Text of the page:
The Best Epic Books

What makes an epic book epic? The definition is certainly a subjective one with varying opinions flying around the internet. Some readers feel the term applies strictly to fantasy books, while others apply it to historical fiction and beyond. Some use book girth alone to determine whether or not a book is epic, and some rely entirely on the story's time span. There are many things to consider when determining whether or not a title is indeed an epic book. For this particular list of the best epic books, we considered books of all genres. We didn't fuss too much over the physical length of the book or the time span, but we did seriously consider the weight of the story itself. Is it meaty? Can the reader sink their teeth into it? Will the reader come out the other side feeling as though they've lived a hundred lives? These 20 epic books all shout a resounding yes. Time to settle in and enjoy the read.

20 Epic Books for the Avid Reader

Atlas Shrugged

Atlas Shrugged
by Ayn Rand

Atlas Shrugged, a modern classic and Rand's most extensive statement of Objectivism - her groundbreaking philosophy - offers the reader the spectacle of human greatness, depicted with all the poetry and power of one of the twentieth century's leading artists.

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The Count of Monte Cristo

The Count of Monte Cristo
by Alexandre Dumas

Thrown in prison for a crime he has not committed, Edmond Dantes is confined to the grim fortress of If. There he learns of a great hoard of treasure hidden on the Isle of Monte Cristo and he becomes determined not only to escape, but also to unearth the treasure and use it to plot the destruction of the three men responsible for his incarceration. Dumas' epic tale of suffering and retribution, inspired by a real-life case of wrongful imprisonment, is a must-read classic.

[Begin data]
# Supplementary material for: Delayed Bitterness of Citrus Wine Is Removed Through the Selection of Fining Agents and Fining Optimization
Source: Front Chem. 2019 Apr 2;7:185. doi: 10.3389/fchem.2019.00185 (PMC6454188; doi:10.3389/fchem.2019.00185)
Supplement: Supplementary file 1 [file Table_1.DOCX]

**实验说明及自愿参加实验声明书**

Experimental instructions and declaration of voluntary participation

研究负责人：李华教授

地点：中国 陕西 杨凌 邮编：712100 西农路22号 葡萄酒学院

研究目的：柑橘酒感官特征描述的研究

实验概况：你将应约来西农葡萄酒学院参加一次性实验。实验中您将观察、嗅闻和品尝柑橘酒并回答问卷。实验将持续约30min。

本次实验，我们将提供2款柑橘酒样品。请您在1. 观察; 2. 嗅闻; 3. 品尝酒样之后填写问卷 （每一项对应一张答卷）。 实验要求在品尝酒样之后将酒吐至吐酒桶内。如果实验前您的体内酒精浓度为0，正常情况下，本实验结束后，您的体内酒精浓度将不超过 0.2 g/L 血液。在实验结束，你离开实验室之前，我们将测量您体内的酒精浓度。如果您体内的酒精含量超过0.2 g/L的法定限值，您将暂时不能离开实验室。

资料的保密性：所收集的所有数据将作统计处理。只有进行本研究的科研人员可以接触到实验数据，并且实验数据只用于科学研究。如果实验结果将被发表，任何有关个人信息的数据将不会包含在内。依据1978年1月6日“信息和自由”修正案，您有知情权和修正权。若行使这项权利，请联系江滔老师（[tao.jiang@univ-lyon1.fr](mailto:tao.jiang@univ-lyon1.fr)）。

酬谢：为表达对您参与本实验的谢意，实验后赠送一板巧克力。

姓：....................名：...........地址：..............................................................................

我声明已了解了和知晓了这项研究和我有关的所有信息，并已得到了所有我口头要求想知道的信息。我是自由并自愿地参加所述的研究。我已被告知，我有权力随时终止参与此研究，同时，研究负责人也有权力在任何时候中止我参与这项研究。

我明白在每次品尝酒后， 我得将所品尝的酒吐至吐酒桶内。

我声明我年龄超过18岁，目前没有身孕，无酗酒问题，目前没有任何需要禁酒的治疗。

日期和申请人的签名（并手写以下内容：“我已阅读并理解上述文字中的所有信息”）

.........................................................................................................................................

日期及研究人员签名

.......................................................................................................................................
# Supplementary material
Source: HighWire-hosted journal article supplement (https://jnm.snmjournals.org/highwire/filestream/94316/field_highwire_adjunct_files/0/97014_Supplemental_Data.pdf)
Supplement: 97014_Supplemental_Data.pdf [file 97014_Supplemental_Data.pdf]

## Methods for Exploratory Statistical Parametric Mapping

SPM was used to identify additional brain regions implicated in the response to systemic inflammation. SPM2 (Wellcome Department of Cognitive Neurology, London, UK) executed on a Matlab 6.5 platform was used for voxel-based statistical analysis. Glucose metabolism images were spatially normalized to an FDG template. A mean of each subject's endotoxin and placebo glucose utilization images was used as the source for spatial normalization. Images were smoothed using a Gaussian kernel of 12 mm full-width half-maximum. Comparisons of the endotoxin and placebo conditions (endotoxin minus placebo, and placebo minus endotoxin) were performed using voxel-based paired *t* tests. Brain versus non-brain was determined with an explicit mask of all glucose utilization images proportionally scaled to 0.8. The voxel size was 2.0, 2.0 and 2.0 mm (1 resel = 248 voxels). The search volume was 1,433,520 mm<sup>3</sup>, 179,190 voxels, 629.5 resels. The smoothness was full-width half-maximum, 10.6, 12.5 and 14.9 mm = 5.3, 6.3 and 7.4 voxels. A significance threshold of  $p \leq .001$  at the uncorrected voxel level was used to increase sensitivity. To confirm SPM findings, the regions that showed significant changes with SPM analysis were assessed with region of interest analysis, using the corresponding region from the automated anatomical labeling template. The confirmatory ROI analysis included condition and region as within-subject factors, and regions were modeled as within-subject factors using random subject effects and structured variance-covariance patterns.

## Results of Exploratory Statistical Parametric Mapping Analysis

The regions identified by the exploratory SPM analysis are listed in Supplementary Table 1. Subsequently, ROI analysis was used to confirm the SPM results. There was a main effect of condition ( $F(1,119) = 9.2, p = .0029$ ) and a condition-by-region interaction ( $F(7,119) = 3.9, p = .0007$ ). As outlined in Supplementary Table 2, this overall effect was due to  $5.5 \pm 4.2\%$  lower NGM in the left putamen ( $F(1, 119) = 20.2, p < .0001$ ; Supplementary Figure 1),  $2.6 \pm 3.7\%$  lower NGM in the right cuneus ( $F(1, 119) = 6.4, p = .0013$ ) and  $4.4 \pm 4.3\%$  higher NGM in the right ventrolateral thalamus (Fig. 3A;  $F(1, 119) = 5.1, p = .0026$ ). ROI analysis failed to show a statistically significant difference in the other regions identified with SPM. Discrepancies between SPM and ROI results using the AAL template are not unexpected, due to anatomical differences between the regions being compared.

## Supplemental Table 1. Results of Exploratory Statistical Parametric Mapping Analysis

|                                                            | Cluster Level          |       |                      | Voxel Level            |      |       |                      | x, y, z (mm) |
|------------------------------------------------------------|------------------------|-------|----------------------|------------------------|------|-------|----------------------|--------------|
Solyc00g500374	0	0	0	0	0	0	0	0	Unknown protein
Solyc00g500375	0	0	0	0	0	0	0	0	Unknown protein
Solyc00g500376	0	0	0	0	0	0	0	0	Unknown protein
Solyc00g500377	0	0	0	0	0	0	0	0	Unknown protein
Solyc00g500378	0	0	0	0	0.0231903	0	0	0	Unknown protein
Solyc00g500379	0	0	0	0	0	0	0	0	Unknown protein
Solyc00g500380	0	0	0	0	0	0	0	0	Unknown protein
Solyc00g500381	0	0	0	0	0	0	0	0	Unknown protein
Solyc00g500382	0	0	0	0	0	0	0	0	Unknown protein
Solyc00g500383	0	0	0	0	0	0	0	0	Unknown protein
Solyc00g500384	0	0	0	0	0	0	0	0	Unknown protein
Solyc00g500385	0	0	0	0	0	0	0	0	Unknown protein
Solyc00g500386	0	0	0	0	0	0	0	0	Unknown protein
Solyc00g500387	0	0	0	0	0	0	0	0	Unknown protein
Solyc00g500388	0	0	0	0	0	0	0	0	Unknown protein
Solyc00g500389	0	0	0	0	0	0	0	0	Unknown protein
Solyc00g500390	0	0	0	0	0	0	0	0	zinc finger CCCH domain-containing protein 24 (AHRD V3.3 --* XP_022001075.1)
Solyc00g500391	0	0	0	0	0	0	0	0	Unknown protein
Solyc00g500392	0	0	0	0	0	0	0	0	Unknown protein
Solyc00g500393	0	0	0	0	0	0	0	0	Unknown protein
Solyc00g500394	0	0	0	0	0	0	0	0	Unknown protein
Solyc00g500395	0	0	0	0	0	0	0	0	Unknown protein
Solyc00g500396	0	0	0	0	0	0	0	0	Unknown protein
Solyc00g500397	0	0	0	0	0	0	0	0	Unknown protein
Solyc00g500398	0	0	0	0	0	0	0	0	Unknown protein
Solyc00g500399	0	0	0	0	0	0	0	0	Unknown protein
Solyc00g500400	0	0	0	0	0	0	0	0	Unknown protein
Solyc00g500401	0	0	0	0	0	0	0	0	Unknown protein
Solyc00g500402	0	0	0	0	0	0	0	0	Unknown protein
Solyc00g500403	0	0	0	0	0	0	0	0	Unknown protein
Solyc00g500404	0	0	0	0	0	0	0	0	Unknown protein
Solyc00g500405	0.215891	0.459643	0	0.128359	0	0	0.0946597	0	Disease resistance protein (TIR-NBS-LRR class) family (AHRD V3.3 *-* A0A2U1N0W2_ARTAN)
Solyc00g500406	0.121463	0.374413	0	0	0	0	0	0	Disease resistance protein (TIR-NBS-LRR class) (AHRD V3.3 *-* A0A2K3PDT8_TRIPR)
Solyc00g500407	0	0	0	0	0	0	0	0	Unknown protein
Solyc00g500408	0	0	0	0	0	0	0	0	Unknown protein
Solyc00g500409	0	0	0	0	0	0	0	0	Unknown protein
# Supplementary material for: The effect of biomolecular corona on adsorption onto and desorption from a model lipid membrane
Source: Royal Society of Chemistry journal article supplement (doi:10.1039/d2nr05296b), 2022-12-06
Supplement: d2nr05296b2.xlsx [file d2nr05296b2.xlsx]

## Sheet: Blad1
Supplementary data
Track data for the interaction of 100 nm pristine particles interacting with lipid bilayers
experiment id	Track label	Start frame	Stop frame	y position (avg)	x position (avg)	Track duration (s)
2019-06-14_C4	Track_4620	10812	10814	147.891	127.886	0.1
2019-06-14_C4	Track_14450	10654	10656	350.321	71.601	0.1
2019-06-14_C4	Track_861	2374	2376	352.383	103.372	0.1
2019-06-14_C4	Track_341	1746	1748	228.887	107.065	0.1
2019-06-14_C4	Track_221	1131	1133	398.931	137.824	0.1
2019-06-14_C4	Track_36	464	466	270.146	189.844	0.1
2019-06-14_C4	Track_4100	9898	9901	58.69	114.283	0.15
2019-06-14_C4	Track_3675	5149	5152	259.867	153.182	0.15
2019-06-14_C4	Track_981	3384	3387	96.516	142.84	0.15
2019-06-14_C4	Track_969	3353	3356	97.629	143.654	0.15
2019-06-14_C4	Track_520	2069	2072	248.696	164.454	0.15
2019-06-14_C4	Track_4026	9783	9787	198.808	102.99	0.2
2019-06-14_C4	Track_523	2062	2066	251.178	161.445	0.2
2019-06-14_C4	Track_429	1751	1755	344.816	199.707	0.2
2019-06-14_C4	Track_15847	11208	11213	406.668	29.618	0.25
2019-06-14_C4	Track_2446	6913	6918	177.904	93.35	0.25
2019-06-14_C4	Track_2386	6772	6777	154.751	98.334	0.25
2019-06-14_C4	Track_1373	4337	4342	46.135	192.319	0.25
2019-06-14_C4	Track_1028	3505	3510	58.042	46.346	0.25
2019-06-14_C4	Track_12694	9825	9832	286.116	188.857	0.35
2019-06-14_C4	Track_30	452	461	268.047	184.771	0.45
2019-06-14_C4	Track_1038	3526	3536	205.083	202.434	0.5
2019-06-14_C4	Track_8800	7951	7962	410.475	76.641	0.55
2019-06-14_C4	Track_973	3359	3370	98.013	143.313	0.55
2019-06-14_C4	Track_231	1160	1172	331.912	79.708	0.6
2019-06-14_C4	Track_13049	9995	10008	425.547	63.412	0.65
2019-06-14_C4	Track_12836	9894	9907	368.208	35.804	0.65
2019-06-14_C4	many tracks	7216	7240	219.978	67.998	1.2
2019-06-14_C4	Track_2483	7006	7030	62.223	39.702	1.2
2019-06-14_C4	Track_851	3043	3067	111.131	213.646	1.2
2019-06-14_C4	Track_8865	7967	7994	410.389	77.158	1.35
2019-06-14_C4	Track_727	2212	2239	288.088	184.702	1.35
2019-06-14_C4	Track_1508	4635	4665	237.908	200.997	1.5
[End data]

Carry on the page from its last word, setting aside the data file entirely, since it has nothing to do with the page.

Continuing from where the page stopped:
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East of Eden

East of Eden
by John Steinbeck

Set in the rich farmland of California's Salinas Valley, this sprawling and often brutal novel follows the intertwined destinies of two families - the Trasks and the Hamiltons - whose generations helplessly reenact the fall of Adam and Eve and the poisonous rivalry of Cain and Abel.

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War and Peace

War and Peace
by Leo Tolstoy

War and Peace broadly focuses on Napoleon's invasion of Russia in 1812 and follows three of the most well-known characters in literature: Pierre Bezukhov, the illegitimate son of a count who is fighting for his inheritance and yearning for spiritual fulfillment; Prince Andrei Bolkonsky, who leaves his family behind to fight in the war against Napoleon; and Natasha Rostov, the beautiful young daughter of a nobleman who intrigues both men.

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The Odyssey

The Odyssey
by Homer

Homer's great epic describes the many adventures of Odysseus, Greek warrior, as he strives over many years to return to his home island of Ithaca after the Trojan War. His colourful adventures, his endurance, his love for his wife and son have the same power to move and inspire readers today as they did in Archaic Greece, 2800 years ago.

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One Hundred Years of Solitude

One Hundred Years of Solitude
by Gabriel Garcia Marquez

One Hundred Years of Solitude tells the story of the rise and fall, birth and death of the mythical town of Macondo through the history of the Buendia family. Inventive, amusing, magnetic, sad, and alive with unforgettable men and women.

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Hawaii

Hawaii
by James A. Michener

As the volcanic Hawaiian Islands sprout from the ocean floor, the land remains untouched for centuries - until, little more than a thousand years ago, Polynesian seafarers make the perilous journey across the Pacific, flourishing in this tropical paradise according to their ancient traditions. Then, in the early nineteenth century, American missionaries arrive, bringing with them a new creed and a new way of life. Based on exhaustive research and told in Michener's immersive prose, Hawaii is the story of disparate peoples struggling to keep their identity, live in harmony, and, ultimately, join together.